I found that a really interesting question, and it uncovered aspects about their lives and about their situations that I would not have otherwise uncovered. I didn’t use the UCLA Loneliness Scale. Do you know why? Because I can’t remember it, but I can remember to ask people whether they feel lonely.
I’m just a simple clinician from the flat parts of Michigan. Yeah.
Carla: I love that you said that, Alex and I, and I think that’s exactly right. When you ask this, it really gives a window into people’s lives. It’s so beautiful and tough.
I think I’m going to challenge Thomas a little bit in that I worry actually that we frame loneliness in the psychological framework, that this must be like… I’m not sure. I may be paraphrasing and over jumping what you said, but I’m not a psychiatrist so I can’t deal with this. Or any social determinant of health just means that means the clinician refers to social work.
I think some of the work that we’ve been doing, and that Julianne and I have written about, is that this is a multi-pronged approach to talk about loneliness and isolation. It’s at least identifying and figuring out who your partners in this and having a structured way of asking, assessing, and moving forward.
Thomas: Yeah, I appreciate that. I do think that we do need approaches that me and colleagues can leverage. I think you all’s recent piece in The New England Journal helps us with advancing that.
Alex: It’s good. He’s moving us along. [laughter]
Eric: Yeah, yeah. Are you aiming for our job here, Thomas? [laughter]
Alex: East Coast GeriPal host. I love it.
Eric: Well, let me ask about that New England Journal piece because it started off, Julianne, with a description of both of your parents, that they both died during the COVID-19 pandemic. I think 2021.
But in the opening paragraph, you said they didn’t die of COVID. Do you want to describe what you wrote there?
Julianne: Yeah, well I talked about… Well, first of all, I should back up a little bit in the sense of originally the paper was written about some of the evidence on why we should take this seriously and why it’s a medical issue.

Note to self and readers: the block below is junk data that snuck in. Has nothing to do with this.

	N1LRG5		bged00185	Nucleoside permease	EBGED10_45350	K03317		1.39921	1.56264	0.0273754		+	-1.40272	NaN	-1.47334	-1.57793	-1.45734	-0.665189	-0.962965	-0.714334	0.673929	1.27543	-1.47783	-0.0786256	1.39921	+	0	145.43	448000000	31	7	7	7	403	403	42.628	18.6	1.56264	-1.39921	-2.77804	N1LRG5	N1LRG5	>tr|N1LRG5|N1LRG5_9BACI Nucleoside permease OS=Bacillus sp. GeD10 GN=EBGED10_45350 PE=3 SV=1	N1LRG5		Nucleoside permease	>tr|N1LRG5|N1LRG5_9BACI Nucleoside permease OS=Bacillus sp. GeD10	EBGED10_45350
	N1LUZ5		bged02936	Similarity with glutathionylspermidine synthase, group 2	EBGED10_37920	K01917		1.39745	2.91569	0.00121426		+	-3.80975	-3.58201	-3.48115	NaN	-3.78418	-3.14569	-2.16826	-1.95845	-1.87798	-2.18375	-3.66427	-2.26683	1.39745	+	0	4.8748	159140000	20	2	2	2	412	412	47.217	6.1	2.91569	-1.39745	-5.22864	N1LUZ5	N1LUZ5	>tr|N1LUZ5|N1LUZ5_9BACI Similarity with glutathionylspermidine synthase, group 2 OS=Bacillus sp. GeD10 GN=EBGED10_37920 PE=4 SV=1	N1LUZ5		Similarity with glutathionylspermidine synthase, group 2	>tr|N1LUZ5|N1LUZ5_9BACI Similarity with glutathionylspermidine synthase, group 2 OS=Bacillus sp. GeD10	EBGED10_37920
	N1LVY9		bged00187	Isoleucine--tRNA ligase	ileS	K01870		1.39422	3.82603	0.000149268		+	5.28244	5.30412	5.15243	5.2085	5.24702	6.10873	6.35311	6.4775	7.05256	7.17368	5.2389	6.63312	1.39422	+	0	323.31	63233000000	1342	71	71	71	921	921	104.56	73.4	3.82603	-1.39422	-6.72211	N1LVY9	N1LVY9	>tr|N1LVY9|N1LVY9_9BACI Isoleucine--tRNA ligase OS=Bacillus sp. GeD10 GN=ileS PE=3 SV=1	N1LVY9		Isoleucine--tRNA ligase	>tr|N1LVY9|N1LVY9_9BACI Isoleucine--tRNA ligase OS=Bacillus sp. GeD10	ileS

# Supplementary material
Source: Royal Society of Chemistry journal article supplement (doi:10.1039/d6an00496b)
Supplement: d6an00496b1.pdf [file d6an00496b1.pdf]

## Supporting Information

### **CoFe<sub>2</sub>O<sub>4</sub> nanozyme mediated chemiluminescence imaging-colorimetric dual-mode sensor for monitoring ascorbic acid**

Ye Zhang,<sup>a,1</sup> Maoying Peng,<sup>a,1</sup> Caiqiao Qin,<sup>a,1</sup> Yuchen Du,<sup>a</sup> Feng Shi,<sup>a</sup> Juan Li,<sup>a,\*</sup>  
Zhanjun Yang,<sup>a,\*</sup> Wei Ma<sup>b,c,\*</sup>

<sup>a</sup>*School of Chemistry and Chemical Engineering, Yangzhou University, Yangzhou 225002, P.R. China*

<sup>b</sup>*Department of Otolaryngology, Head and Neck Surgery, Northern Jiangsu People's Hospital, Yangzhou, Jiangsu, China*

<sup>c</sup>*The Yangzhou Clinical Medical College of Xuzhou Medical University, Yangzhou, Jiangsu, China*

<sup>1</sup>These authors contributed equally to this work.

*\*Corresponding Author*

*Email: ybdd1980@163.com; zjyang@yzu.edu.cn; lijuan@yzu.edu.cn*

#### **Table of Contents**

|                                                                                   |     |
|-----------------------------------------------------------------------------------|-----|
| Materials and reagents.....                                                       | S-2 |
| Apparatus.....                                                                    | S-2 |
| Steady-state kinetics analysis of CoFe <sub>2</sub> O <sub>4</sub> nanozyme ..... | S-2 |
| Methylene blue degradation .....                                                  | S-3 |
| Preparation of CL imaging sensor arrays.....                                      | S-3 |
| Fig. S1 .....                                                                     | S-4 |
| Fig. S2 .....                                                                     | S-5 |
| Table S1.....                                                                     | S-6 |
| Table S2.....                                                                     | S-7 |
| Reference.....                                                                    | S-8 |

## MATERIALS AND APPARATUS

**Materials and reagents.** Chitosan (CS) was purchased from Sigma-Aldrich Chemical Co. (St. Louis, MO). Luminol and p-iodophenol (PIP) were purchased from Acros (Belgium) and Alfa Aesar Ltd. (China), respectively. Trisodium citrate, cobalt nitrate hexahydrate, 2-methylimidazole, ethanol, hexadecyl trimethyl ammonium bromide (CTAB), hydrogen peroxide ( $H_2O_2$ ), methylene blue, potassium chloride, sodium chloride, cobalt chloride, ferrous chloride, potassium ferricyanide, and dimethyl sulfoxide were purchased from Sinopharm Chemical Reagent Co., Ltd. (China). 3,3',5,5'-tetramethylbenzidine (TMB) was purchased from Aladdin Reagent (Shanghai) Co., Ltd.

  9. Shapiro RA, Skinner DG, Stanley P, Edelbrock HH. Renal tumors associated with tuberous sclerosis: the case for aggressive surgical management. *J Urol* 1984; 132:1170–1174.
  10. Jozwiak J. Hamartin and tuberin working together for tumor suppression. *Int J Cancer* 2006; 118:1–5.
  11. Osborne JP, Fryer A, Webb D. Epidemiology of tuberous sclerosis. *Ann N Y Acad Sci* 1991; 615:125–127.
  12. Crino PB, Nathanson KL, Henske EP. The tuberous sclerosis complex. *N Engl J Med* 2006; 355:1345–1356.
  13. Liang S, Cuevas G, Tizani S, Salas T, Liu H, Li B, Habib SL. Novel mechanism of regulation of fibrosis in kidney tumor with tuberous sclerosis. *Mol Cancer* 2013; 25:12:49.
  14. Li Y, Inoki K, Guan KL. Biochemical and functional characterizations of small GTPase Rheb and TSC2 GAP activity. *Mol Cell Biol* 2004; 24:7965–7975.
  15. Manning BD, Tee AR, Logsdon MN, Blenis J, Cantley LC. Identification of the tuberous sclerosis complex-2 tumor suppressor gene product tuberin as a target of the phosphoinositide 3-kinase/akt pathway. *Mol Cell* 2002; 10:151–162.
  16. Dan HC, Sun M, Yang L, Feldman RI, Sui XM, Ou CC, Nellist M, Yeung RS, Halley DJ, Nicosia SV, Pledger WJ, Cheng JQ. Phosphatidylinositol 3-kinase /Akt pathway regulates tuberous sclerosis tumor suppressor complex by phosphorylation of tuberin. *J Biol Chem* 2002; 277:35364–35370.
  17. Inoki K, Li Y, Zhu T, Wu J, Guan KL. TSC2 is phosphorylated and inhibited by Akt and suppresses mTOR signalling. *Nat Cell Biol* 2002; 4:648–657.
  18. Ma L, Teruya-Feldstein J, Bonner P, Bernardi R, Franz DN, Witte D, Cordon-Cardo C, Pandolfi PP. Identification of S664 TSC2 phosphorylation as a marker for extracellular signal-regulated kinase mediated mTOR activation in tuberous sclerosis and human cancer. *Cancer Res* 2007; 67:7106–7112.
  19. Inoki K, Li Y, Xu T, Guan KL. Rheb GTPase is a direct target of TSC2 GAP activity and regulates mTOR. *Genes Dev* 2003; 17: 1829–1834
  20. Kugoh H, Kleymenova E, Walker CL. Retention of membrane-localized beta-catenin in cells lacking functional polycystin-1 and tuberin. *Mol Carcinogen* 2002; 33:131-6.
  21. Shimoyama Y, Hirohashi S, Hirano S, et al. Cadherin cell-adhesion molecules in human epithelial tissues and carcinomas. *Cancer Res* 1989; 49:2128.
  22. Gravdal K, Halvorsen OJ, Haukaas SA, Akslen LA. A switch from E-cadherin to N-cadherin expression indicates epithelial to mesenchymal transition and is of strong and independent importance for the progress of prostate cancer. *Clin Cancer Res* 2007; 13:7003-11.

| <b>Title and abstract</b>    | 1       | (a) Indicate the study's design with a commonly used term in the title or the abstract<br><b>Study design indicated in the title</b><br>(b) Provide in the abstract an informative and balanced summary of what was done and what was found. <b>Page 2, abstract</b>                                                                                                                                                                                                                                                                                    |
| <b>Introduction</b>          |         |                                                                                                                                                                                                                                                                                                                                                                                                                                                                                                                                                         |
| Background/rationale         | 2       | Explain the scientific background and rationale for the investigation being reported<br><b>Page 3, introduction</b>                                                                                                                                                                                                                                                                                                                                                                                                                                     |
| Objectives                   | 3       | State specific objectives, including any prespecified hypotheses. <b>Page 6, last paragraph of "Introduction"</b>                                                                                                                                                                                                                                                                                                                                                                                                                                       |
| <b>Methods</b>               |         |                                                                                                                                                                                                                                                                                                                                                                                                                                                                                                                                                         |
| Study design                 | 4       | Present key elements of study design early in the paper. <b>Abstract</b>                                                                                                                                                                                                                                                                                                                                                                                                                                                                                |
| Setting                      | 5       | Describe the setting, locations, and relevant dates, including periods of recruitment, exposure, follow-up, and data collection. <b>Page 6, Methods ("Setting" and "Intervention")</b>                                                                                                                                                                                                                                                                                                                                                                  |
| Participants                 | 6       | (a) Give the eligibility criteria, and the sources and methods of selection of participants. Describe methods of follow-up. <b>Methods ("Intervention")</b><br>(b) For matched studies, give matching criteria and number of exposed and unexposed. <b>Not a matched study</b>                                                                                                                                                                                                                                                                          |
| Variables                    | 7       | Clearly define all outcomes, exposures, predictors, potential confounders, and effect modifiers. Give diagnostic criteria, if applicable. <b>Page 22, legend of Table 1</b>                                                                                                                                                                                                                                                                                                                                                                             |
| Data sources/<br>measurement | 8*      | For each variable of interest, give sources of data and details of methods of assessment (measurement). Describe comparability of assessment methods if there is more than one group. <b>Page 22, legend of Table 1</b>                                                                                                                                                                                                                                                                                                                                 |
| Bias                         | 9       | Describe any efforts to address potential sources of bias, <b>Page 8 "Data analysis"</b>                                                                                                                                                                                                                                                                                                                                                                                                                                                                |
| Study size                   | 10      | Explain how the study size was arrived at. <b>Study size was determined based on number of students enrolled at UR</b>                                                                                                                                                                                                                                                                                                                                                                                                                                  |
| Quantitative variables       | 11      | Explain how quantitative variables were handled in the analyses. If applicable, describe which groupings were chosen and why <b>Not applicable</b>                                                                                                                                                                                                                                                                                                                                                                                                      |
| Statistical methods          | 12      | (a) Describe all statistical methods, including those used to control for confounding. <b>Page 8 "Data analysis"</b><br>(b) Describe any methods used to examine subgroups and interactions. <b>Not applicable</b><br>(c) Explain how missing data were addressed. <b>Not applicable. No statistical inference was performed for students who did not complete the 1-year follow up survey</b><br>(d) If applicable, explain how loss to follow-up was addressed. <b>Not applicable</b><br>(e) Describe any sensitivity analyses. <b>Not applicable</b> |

The reviewers came back and said, “We’d like a case study.” I’m not a physician. I don’t see patients, and I sat there for a while struggling. Where am I going to come up with a case study?
I immediately realized that I had witnessed this play out in my own parents, and I guess I can share a few details. In essence, so my parents sadly passed away within 17 days of each other. My parents, like most families, we were trying to protect them during the pandemic.
In fact, I had nightly phone calls with them every single night while I made dinner. I called my parents, and we talked. They had a little balcony that we would sometimes come and stand and visit them outside the balcony and chat with them.
But when you don’t see each other in person, that isolation can have effects. I think in some ways it at least partially contributed to my father’s death in the sense that we didn’t realize to what extent his health was declining. We knew he was fatigued, but we’re all tired. I mean, we’re all frustrated with everything that was going on. They weren’t getting out much, so they weren’t getting much exercise.
I could tell because you run out of things to say every night on those nightly phone calls when I was talking to them. I’d say, “Oh, well, here’s what I’m making for dinner. What are you having for dinner?” They’d be like, “Ah, I don’t know. We haven’t eaten yet.” I could get a sense that maybe they weren’t eating as well.
But what we didn’t realize is that my dad’s health was declining and because there was less of that in-person contact. And so by the time we knew he needed medical attention, he was already in the very late stages of cancer.
In fact from the time he was diagnosed, he passed away within two and a half weeks. And so in that sense, I could tell that literally just not having people around, had we perhaps caught that sooner, had been able to step in sooner, change various things, that perhaps that could have made a difference. In that sense, isolation could have potentially been a contributor.
On the other hand, my mother, once my father was put into hospice, we all just surrounded my parents. And so she was no longer isolated, surrounded by a family every single day. But the loss of her partner contributed to significant loneliness. That as much as all of her children were very close, were around her and providing support, she was just deeply and profoundly lonely.
Sadly, she was actually reaching for him in her sleep and fell out of bed. She ended up passing away three days later from her injuries. And so in that sense, I think to some extent, isolation and loneliness contributed to both of their deaths.